In short, investment in basic research is paying off in practical applications. In the early part of the twentieth century, education focused on the acquisition of literacy skills: It was not the general rule for educational systems to train people to think and read critically, to express themselves clearly and persuasively, to solve complex problems in science and mathematics.
Now, at the end of the century, these aspects of high literacy are required of almost everyone in order to successfully negotiate the complexities of contemporary life. Thoughtful participation in the democratic process has also become increasingly complicated as the locus of attention has shifted from local to national and global concerns.
Above all, information and knowledge are growing at a far more rapid rate than ever before in the history of humankind. More than ever, the sheer magnitude of human knowledge renders its coverage by education an impossibility; rather, the goal of education is better conceived as helping students develop the intellectual tools and learning strategies needed to acquire the knowledge that allows people to think productively about history, science and technology, social phenomena, mathematics, and the arts.
Three organizing decisions, made fairly early in the work of the committee, provided the framework for our study and are reflected in the contents of this book. First, we focus primarily on research on human learning though the study of animal learning provides important collateral informationincluding new developments from neuroscience.
Second, we focus especially on learning research that has implications for the design of formal instructional environments, primarily preschools, kindergarten through high schools K—12and colleges. Third, and related to the second point, we focus on research that helps explore the possibility of helping all individuals achieve their fullest potential.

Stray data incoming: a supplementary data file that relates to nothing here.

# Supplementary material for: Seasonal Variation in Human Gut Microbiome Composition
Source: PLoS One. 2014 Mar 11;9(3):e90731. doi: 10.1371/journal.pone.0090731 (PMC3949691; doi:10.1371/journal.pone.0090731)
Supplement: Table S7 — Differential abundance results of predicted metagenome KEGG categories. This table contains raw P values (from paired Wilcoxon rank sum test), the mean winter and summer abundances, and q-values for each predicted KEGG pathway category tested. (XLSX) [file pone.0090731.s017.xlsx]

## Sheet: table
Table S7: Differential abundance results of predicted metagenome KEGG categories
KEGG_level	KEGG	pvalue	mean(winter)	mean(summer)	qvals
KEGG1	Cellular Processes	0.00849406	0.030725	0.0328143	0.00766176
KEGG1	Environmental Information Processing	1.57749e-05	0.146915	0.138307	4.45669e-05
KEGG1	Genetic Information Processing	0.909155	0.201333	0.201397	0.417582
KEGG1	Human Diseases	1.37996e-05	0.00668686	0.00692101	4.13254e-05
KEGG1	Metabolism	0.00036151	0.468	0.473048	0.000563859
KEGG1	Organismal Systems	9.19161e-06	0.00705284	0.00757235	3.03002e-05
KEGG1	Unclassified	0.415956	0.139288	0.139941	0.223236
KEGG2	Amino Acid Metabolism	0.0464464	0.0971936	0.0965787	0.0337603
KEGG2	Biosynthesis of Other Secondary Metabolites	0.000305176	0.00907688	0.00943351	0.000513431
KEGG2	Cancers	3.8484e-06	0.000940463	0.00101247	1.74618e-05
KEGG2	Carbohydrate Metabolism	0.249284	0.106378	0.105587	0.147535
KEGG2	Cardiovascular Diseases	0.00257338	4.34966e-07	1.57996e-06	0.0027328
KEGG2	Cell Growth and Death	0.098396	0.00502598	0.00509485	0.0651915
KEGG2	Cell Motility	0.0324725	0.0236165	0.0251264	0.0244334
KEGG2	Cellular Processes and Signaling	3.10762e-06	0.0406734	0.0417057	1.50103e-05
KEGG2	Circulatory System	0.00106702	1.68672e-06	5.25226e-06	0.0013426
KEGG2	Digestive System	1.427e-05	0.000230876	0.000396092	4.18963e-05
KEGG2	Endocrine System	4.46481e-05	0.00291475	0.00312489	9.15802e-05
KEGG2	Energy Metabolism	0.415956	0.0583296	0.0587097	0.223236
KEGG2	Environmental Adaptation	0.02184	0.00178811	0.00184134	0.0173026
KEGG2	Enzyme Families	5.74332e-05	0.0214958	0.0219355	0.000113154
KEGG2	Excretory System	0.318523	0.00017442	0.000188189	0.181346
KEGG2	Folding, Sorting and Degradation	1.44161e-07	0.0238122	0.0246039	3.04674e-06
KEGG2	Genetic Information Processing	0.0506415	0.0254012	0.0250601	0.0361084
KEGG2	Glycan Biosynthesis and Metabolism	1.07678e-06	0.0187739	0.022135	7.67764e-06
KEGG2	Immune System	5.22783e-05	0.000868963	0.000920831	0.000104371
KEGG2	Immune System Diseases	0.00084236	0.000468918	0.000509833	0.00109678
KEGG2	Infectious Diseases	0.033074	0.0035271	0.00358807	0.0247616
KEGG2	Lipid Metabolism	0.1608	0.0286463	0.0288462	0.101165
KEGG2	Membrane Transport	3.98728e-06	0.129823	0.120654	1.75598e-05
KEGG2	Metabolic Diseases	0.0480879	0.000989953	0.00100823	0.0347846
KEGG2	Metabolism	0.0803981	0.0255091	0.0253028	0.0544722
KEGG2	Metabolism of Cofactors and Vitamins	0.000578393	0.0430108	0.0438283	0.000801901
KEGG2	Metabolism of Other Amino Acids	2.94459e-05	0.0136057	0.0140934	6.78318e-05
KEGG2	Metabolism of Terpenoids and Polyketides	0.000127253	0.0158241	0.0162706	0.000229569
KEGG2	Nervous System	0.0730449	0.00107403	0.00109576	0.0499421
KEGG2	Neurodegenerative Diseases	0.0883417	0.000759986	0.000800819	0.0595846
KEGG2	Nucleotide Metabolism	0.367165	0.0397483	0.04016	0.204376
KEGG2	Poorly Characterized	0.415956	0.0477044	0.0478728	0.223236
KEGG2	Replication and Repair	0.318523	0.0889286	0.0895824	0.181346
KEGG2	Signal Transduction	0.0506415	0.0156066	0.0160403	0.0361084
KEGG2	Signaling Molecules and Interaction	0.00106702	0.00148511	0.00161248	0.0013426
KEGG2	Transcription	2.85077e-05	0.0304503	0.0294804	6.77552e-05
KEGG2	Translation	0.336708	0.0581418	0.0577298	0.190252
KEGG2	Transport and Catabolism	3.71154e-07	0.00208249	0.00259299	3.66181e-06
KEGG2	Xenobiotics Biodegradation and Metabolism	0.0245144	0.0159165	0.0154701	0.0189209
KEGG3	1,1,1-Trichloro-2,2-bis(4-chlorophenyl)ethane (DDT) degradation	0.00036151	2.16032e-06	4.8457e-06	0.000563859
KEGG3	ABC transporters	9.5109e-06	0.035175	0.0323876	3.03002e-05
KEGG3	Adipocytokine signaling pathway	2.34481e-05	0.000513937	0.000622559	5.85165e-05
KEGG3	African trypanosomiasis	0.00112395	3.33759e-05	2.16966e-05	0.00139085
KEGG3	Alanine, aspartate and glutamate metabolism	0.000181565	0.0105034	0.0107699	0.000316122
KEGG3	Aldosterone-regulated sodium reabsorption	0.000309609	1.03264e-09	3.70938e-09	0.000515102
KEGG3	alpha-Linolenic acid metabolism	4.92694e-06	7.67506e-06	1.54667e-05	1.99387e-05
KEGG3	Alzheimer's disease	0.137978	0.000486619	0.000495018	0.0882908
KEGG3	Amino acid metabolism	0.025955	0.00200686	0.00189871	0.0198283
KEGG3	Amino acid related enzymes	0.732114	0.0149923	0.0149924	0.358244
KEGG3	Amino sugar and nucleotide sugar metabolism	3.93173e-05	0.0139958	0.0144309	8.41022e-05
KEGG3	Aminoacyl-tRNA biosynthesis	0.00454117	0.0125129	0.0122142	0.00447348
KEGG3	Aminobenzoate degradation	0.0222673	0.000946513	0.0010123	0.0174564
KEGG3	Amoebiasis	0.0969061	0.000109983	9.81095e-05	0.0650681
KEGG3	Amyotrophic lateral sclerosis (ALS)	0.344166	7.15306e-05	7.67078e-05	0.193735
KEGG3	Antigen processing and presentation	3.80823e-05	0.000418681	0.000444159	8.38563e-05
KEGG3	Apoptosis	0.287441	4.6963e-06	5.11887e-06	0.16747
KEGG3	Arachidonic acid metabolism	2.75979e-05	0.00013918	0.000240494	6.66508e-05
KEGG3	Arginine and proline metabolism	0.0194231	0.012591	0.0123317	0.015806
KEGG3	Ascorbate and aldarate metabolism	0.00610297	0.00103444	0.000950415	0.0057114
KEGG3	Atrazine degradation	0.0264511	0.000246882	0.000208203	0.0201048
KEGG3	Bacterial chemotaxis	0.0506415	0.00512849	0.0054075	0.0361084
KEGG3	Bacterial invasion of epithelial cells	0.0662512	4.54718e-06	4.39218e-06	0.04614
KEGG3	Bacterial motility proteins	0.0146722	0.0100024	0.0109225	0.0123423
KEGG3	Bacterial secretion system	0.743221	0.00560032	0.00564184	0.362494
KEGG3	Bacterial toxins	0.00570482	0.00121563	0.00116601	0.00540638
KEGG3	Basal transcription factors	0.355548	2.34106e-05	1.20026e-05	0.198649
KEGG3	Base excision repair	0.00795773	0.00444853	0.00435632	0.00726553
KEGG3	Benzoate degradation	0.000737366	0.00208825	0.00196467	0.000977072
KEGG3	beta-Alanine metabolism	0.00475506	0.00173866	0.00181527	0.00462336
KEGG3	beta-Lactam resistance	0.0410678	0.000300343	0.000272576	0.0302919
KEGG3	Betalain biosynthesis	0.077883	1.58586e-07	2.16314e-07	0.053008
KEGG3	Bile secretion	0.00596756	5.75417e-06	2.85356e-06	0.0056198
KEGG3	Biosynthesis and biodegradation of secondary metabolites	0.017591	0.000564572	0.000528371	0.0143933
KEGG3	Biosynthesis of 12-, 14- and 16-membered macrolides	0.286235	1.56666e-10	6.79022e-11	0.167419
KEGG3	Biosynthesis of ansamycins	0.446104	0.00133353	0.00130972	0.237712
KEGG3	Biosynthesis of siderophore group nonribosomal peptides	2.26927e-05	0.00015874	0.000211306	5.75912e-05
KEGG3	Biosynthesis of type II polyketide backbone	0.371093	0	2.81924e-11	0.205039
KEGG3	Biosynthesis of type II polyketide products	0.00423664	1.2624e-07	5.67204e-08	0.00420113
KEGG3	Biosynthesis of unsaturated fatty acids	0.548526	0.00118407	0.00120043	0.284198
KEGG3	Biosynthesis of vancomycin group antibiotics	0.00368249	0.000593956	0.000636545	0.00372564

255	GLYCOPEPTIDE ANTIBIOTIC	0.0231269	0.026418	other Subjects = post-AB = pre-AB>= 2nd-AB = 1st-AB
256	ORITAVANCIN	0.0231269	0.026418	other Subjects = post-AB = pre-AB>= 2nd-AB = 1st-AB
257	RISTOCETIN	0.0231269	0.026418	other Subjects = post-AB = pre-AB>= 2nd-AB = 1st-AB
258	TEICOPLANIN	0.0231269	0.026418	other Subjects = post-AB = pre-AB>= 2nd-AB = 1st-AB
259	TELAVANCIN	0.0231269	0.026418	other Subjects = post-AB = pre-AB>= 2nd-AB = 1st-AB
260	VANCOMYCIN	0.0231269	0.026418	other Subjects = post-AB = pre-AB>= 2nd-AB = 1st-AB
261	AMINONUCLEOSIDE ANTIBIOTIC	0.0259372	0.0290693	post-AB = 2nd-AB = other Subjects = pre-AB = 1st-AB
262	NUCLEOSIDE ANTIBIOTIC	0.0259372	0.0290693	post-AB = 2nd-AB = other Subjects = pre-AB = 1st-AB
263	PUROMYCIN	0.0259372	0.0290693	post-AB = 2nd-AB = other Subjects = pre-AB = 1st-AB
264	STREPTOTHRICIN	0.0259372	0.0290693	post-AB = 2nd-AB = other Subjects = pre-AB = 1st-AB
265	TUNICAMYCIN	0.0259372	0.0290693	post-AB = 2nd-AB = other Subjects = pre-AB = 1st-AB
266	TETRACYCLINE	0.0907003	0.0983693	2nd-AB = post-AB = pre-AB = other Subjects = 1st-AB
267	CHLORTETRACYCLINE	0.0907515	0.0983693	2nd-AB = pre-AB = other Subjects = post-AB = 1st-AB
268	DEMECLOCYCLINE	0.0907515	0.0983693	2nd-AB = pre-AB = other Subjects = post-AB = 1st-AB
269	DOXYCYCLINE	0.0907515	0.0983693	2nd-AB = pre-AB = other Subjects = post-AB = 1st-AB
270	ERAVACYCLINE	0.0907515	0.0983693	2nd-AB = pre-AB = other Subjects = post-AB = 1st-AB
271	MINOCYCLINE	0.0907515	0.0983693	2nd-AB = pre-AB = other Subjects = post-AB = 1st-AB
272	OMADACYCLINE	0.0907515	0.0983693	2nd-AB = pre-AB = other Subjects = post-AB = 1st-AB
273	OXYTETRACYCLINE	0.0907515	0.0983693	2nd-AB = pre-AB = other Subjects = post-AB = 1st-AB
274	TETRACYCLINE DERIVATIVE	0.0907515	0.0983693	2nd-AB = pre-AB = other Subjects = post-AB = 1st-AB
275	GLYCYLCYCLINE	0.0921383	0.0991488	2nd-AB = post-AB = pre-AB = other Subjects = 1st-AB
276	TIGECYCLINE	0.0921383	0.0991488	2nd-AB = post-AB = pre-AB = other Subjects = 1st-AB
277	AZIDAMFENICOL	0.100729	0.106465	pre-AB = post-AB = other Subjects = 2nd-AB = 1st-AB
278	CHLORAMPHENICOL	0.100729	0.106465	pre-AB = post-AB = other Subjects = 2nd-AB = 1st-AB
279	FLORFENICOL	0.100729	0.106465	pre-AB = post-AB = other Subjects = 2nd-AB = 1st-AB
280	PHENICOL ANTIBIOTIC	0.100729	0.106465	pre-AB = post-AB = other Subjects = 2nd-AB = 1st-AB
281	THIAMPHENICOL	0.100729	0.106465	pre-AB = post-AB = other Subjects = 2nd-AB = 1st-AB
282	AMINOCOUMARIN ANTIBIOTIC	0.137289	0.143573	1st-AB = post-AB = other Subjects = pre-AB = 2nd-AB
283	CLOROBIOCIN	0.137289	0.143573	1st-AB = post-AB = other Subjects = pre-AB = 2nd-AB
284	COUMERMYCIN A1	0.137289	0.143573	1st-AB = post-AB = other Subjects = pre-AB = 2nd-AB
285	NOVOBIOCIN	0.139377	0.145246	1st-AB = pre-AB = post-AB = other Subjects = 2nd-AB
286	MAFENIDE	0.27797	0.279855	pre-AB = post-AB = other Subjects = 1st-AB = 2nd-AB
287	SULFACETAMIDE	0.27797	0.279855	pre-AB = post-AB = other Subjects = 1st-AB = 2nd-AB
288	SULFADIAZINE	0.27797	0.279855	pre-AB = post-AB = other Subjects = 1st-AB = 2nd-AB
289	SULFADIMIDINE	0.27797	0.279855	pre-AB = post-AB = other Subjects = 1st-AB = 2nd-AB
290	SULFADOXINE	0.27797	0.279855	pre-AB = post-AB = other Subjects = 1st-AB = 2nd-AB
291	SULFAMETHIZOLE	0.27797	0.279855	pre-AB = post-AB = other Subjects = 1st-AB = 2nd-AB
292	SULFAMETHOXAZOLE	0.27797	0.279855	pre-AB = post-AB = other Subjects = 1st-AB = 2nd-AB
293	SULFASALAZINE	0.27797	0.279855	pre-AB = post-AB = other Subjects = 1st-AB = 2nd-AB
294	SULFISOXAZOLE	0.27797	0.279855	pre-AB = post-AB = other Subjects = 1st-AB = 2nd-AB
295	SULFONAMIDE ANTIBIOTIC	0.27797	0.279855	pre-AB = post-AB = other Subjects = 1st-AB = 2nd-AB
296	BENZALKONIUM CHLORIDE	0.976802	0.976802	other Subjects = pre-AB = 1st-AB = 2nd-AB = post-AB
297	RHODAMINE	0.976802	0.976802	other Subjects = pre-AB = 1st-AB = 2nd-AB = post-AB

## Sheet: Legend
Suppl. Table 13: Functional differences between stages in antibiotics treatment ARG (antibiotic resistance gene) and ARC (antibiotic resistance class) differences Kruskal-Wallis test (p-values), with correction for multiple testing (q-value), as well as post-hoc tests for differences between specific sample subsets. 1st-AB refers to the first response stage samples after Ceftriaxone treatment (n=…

At different points in history, scholars have worried that formal educational environments have been better at selecting talent than developing it see, e. Many people who had difficulty in school might have prospered if the new ideas about effective instructional practices had been available.Free social learning theory papers, essays, and research papers.
Child-centered approaches require the child to actively participate in classroom discussions. Learning methodologies are constructed by both the teacher and the student. Piaget, together with world renowned theorists Lev Vygotsky and John Dewey, collectively worked on various ideas that are geared towards moving the child to vigorously take.
Child development and classroom teaching: a review of the literature and implications for educating teachers$ Denise H. Danielsa,*, Lee Shumowb aDepartment of Psychology and Child Development, California Polytechnic State University, Faculty Offices North Building, San Luis Obispo, CA , USA.
Our approach reflects the beliefs of Jean Piaget, Erik Erikson and Lev Vygotsky. Their belief is centered on the “power of play” and learning through discovery.
Nov 26, · Piaget on child-centered education The following quote is from a book I'm reading by Jean Piaget, titled "Science of Education and the Psychology of the Child," (): "that authentic process of construction that is the true development of the mind," is also illustrative of Piaget's view of learning as an active, organic process.
- Piaget's theory was a child centred approach with the assumption that children don't need to be taught as learning was due to be drawn into experiences. - He also believed that if something was taught prematurely the child will be prevented from ever completely understanding it.